Malcolm Rennie, the actor and husband of Igor's half-sister Tamara Ustinov, who is Sir Peter's daughter from his first marriage to Isolde Denham, said: "Peter was a wonderful man, but being successful at such a high level as he was, everybody wanted a piece of him. I would be surprised if there is anything left in the estate – it has probably all gone to the lawyers."
The internecine strife, which has also seen Igor's sisters Andrea and Pavla joining the proceedings, has its roots in a will written in pencil in the late 1960s around the time when Sir Peter was going through a divorce from his second wife, Suzanne Cloutier – the mother of Igor and his two sisters.
Judges in Switzerland, where Sir Peter moved in the 1960s and died in 2004 aged 82, declared that will invalid and ruled that he had died intestate. Under Swiss law, his estate then passed to the actor's third wife, Lady Helene, who had nursed him through his final years beset by the effects of diabetes.
Despite encapsulating on screen and in real life the quintessential Englishman, Sir Peter was fond of pointing out that, being the son of a German-born MI5 agent and a Russian painter, not a single drop of English blood coursed through his veins.
His children have spoken warmly of a man who would take them on sailing trips around the Mediterranean. But there seems to have been a chaotic streak to the organisation of his financial affairs, which Igor has said he feels obliged to resolve – at increasingly ruinous expense.
The sculptor, who once sung an opera duet with his father and trained at the Ecole des Beaux Arts in Paris, had alleged that the details of the trusts, allegedly established in Lichtenstein and Switzerland, are known only by two retired Swiss lawyers, who strongly denied the claim.
Igor, who argues that the trusts supercede any will and should ensure that his father's estate passes to him and his sisters, has further claimed that the intricacies of the financial system in the two countries act against families trying to access the assets of deceased loved ones.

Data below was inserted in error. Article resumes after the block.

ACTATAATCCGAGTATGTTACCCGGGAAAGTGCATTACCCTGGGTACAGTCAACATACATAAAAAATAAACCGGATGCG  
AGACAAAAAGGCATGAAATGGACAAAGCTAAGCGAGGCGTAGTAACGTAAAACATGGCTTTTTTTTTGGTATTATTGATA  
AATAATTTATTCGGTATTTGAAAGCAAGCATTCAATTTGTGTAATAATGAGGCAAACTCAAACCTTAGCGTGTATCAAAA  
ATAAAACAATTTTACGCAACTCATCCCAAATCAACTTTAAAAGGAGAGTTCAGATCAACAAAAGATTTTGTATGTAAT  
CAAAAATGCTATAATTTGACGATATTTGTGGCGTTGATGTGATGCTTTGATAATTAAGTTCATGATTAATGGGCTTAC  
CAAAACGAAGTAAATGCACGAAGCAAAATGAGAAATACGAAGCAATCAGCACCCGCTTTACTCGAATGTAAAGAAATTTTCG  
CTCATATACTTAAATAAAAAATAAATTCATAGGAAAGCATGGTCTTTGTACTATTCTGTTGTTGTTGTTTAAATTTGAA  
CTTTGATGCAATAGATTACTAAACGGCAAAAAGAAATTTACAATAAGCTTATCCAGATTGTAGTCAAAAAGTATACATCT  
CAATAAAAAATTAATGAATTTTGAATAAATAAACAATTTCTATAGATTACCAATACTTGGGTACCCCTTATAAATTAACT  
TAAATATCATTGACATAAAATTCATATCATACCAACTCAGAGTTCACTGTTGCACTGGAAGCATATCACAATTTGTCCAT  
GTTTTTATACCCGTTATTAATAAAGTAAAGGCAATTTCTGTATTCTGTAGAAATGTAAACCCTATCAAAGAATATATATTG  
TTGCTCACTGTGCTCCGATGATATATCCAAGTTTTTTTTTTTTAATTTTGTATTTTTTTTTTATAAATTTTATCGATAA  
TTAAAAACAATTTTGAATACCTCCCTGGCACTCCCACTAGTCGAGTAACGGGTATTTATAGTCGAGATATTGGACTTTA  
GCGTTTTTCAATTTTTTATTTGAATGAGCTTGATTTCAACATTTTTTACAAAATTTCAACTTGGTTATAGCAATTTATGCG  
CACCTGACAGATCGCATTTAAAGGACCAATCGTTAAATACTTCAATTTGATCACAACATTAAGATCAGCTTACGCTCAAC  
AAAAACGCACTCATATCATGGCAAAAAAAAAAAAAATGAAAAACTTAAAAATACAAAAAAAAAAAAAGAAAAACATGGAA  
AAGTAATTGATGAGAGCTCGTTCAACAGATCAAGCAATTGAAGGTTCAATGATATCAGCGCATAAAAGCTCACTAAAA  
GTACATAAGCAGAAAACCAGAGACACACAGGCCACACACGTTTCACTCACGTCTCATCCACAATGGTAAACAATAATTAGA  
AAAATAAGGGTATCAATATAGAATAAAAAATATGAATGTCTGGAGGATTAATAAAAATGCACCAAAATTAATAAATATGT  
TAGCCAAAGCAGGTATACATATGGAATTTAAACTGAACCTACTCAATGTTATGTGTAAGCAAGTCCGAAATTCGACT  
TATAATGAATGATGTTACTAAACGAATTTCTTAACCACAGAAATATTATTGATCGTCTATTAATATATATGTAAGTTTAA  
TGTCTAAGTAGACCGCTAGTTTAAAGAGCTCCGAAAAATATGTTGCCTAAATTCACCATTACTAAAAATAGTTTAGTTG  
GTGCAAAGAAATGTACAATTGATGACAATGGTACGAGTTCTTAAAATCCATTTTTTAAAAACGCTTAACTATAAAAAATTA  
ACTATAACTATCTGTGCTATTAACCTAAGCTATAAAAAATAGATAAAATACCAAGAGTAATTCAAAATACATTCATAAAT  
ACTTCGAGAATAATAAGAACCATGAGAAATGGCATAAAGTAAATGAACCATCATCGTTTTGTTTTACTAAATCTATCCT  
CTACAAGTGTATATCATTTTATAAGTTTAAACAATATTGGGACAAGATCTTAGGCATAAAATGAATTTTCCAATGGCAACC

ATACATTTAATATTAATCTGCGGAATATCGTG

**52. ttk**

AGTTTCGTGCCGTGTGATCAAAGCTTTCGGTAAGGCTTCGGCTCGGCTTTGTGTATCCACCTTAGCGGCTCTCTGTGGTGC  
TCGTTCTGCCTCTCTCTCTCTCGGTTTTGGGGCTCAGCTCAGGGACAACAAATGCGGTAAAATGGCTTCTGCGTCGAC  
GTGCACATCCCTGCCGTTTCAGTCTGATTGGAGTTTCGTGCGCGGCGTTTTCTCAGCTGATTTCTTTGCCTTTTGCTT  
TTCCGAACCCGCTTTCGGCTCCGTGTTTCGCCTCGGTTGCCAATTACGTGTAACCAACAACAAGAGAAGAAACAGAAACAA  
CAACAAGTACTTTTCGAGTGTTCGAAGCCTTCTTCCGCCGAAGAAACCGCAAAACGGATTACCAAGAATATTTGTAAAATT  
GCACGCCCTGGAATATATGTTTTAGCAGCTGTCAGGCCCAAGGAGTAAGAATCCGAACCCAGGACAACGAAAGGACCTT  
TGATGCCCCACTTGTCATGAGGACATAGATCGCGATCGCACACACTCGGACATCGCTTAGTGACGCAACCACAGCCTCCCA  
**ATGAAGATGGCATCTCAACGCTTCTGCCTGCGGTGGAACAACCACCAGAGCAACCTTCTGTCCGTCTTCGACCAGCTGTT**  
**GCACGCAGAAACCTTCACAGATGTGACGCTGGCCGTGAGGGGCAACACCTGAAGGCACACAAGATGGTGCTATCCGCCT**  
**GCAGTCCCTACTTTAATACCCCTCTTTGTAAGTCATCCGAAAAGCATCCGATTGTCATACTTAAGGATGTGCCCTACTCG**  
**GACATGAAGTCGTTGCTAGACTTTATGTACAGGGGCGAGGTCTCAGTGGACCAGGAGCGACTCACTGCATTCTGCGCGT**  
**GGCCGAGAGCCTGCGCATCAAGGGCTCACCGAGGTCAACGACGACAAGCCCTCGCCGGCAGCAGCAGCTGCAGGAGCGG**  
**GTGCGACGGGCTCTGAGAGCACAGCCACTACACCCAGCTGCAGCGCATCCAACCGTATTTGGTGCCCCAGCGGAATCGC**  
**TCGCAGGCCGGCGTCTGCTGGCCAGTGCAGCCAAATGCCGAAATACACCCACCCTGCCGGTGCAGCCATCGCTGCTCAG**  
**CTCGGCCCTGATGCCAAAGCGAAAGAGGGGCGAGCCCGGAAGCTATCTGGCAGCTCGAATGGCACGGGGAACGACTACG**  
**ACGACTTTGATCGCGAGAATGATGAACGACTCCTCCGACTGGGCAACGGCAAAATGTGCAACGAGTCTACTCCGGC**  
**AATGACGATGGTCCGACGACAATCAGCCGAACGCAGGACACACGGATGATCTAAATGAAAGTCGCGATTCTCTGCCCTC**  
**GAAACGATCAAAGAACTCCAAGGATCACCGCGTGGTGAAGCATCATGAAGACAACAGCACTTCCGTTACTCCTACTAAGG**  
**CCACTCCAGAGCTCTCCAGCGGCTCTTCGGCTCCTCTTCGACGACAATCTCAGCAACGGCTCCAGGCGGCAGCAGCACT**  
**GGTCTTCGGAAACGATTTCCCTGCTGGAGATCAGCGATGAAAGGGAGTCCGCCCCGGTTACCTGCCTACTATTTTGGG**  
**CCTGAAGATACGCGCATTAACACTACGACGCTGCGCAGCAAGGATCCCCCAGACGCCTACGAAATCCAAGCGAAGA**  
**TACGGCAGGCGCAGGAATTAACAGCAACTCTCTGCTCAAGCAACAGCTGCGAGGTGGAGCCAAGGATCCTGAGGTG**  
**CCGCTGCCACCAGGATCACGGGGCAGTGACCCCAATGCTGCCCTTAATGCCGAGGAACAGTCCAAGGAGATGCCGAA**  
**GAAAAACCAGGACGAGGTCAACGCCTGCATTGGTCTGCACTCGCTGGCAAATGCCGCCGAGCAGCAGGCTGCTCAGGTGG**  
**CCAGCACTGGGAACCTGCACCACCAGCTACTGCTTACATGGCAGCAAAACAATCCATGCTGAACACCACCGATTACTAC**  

He said: "This action was not against my stepmother or my sisters, it was about the fact that my father saved up money and rights for years and now they are not available to the family. These trusts contained the rights and royalties to everything he wrote, his film rights. It's a very sad story."
It is also a story that as yet has no end. Ian Meakin, the barrister who represented Igor in the High Court, confirmed last night that proceedings in the Swiss courts over the actor's legacy are ongoing.
In a statement, he said: "Igor, like his sisters, must continue in Switzerland as they are heirs to the estate."
Where there's a will... there's a war
The Spanish artist died intestate at the age of 91 in 1973, leaving a vast fortune of art, houses and gold. It took six years of cases before the French courts, at a reported cost of £20m, decided that the assets should be divided between six heirs.
The guitarist died without a will in 1970, sparking a battle between his father, Al, and his brother, Leon, over his estate and the rights to his recordings. It was still raging more than 30 years later.
The Swedish author of The Girl with the Dragon Tattoo died without a will in 2004. Under Swedish law, his fortune was divided between his father and brother, leaving Eva Gabrielsson, his partner of 32 years, with nothing. She was eventually granted ownership of their flat.